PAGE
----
The other side of specialization is that specialist funds have limited options when it comes to pivoting in a challenging macro environment, leaving them vulnerable to industry-level macro shifts. Choosing to specialize is taking a risk that your chosen specialty will be around for years to come. Having an increasing proportion of specialist VCs in the climatetech ecosystem means that the overall capital stack for climatetech has more points of vulnerability.
But all in all, there are benefits of specialization to both the investors and startups.
For investors, specializing allows for:
Easier deal screening. Less deals need to be vetted in a smaller market, allowing for more time to be spent with fewer companies. Having a public sector-specific mandate also means startups working in that area are more likely to know about you and proactively reach out.
More thoughtful deal screening. Certain sectors may have sector-specific metrics that may be more relevant than traditional VC metrics like revenue or EBITDA. Things like quality of patents, technical benchmarks, partnership agreements, customer indications, etc. can be assessed in more depth in deal screening. For many VCs, especially ones coming in from tech to climatetech, using criteria that is too generalist may exclude startups that are expressing momentum in other ways.
More leverage in attracting “hot” startups. In competitive, oversubscribed rounds, investors with clear differentiation and strategic value often have more appeal to startups than other investors, even those with more favorable valuation/terms. Similarly, a niche focus can help investors without a substantial track record argue their value to startups.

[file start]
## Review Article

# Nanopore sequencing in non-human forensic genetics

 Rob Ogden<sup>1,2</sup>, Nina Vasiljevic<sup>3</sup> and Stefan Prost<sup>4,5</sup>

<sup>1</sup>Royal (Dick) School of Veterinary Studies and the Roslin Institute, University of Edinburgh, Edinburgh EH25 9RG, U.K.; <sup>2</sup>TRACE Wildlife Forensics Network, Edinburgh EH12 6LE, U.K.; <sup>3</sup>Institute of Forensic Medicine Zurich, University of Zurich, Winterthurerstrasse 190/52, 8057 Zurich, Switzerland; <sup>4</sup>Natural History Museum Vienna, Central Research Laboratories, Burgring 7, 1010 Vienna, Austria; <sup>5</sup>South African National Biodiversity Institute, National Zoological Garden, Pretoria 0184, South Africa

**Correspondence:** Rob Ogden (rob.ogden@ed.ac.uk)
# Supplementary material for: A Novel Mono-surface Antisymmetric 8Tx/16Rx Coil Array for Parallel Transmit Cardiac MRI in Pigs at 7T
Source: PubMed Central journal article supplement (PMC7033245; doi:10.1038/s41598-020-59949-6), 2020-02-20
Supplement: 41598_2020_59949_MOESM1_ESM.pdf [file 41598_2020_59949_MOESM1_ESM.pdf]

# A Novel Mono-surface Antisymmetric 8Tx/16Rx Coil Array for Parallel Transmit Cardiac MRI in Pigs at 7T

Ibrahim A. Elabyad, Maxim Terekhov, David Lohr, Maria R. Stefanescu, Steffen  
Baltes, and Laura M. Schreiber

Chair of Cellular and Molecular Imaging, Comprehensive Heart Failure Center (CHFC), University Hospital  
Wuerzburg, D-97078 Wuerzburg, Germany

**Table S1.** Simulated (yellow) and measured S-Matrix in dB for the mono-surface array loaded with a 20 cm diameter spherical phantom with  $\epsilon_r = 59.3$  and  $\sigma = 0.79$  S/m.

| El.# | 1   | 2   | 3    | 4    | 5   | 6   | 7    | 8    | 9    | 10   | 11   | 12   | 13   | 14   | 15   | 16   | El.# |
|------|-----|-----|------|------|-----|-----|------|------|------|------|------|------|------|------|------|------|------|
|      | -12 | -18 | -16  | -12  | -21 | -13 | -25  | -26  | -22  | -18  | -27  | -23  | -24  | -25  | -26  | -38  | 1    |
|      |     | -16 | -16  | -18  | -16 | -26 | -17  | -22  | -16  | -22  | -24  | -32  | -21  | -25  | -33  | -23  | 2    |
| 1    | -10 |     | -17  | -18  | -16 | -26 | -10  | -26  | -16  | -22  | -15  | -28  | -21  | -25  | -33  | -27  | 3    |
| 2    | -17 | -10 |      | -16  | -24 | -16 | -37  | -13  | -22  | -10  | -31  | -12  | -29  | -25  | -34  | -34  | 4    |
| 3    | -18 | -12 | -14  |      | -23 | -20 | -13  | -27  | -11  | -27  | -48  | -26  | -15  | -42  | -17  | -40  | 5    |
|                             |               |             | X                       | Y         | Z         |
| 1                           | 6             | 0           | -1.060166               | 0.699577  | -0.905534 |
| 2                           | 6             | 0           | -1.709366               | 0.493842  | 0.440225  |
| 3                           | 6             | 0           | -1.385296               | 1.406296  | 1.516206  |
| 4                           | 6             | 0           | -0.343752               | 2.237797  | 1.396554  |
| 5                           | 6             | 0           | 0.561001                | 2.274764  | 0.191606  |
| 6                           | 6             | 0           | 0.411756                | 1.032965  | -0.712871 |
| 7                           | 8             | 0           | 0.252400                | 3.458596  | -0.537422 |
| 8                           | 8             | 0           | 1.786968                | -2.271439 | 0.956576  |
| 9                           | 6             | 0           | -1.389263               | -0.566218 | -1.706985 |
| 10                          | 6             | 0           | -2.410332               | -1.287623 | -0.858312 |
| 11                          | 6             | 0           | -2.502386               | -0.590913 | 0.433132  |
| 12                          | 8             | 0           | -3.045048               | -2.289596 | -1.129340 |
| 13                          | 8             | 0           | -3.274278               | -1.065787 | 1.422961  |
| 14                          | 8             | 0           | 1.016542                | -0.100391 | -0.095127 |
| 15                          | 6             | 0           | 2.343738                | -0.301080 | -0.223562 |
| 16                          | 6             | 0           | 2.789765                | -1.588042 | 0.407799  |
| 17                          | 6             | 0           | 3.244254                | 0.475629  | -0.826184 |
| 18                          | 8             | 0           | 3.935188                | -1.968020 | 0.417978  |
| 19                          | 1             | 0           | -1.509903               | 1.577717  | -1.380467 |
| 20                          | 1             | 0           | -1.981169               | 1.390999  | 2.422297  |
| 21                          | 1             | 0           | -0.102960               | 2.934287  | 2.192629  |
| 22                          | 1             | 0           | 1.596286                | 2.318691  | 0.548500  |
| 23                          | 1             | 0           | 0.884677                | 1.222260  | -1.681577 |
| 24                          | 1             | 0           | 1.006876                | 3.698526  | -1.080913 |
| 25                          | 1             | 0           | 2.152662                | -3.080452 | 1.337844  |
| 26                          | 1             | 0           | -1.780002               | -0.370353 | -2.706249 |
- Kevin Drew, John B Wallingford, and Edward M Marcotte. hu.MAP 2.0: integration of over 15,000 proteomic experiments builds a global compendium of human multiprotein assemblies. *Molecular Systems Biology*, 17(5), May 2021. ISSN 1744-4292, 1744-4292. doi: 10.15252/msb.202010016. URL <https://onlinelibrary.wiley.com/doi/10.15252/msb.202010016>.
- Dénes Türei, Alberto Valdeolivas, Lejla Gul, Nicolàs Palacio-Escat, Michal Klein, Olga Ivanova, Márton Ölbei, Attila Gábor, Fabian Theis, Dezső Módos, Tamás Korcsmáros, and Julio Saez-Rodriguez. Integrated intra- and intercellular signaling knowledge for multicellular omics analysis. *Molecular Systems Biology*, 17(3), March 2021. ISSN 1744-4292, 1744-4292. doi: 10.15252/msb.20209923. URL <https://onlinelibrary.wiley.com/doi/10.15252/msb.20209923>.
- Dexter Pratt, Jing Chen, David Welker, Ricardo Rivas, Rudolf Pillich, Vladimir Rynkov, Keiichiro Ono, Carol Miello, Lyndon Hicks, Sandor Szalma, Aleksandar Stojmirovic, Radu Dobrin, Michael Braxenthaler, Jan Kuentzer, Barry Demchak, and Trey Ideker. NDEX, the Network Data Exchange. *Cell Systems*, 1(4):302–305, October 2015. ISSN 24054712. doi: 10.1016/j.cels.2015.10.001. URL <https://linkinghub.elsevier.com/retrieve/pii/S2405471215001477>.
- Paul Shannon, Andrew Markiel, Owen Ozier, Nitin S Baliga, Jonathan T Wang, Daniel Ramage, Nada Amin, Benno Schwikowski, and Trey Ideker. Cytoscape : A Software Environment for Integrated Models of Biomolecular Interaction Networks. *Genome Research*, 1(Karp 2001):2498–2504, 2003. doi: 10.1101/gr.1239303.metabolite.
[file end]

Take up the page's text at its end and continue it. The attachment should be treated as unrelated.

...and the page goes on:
Portfolio synergies. Investors that specialize are better able to aggregate resources particular to that specialty, like technical help, advisors, corporate partners, customer relationships, etc., for the broader portfolio, allowing startups in that portfolio to access those resources at lower cost. A specialized portfolio that brings together companies working around the same sector can also potentially find ways for companies in the portfolio to work together, officially or unofficially.
For startups, specialist funds can allow for:
Easier investor screening. Most capital raises involve conversations with a hundred or so investors, with half of those being immediate dead ends because of lack of transparency by the investor on what problem areas they are interested in. Specialist VCs are very clear on this aspect, allowing startups to schedule those conversations without fear that time will be significantly wasted.
Reduced competition with deals in other industries. Pitching to a generalist fund or a fund with a broad climate mandate can mean that your startup is being compared to other startups that have a totally different growth model. Investing in a materials science company selling into the auto market is worlds apart from investing in a carbon credit software company selling to consumers. Evaluating these deals together often time favors a certain industry or growth model instead of favoring the better company.
More value-added partnerships. Specialist VCs often have more relationships within industry, which means that startups that partner with specialist VCs can access more relevant resources that can help them scale. Specialist VCs are likely also better able to contribute meaningfully to accelerating the startup’s growth as board members or advisors, making them better partners in the long run.
Easier access to subject matter experts. Specialist VCs attract other specialist service providers and specialist partners, which means taking on a specialist VC can naturally allow a startup access to a wide array of subject matter experts in their sector. This can make the build process on a niche problem a lot less painful.
TLDR; we’re seeing more specialist VCs in climatetech. And that’s a good thing for the ecosystem.